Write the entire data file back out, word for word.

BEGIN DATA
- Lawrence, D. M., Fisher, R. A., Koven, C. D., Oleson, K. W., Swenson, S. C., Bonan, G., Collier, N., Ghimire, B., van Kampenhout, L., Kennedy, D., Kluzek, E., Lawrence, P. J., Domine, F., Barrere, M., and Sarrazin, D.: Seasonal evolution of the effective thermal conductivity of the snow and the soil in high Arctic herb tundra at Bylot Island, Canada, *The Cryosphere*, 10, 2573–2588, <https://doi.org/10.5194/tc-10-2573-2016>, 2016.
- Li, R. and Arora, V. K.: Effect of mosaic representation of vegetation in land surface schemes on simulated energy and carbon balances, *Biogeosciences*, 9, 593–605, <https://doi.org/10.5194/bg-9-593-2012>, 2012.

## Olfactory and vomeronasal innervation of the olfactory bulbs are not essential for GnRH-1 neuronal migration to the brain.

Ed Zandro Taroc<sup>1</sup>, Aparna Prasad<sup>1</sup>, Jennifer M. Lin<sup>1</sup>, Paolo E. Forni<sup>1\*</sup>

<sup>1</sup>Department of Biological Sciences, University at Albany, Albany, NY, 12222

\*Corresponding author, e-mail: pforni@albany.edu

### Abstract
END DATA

- Lawrence, D. M., Fisher, R. A., Koven, C. D., Oleson, K. W., Swenson, S. C., Bonan, G., Collier, N., Ghimire, B., van Kampenhout, L., Kennedy, D., Kluzek, E., Lawrence, P. J., Domine, F., Barrere, M., and Sarrazin, D.: Seasonal evolution of the effective thermal conductivity of the snow and the soil in high Arctic herb tundra at Bylot Island, Canada, *The Cryosphere*, 10, 2573–2588, <https://doi.org/10.5194/tc-10-2573-2016>, 2016.
- Li, R. and Arora, V. K.: Effect of mosaic representation of vegetation in land surface schemes on simulated energy and carbon balances, *Biogeosciences*, 9, 593–605, <https://doi.org/10.5194/bg-9-593-2012>, 2012.

## Olfactory and vomeronasal innervation of the olfactory bulbs are not essential for GnRH-1 neuronal migration to the brain.

Ed Zandro Taroc<sup>1</sup>, Aparna Prasad<sup>1</sup>, Jennifer M. Lin<sup>1</sup>, Paolo E. Forni<sup>1\*</sup>

<sup>1</sup>Department of Biological Sciences, University at Albany, Albany, NY, 12222

\*Corresponding author, e-mail: pforni@albany.edu

### Abstract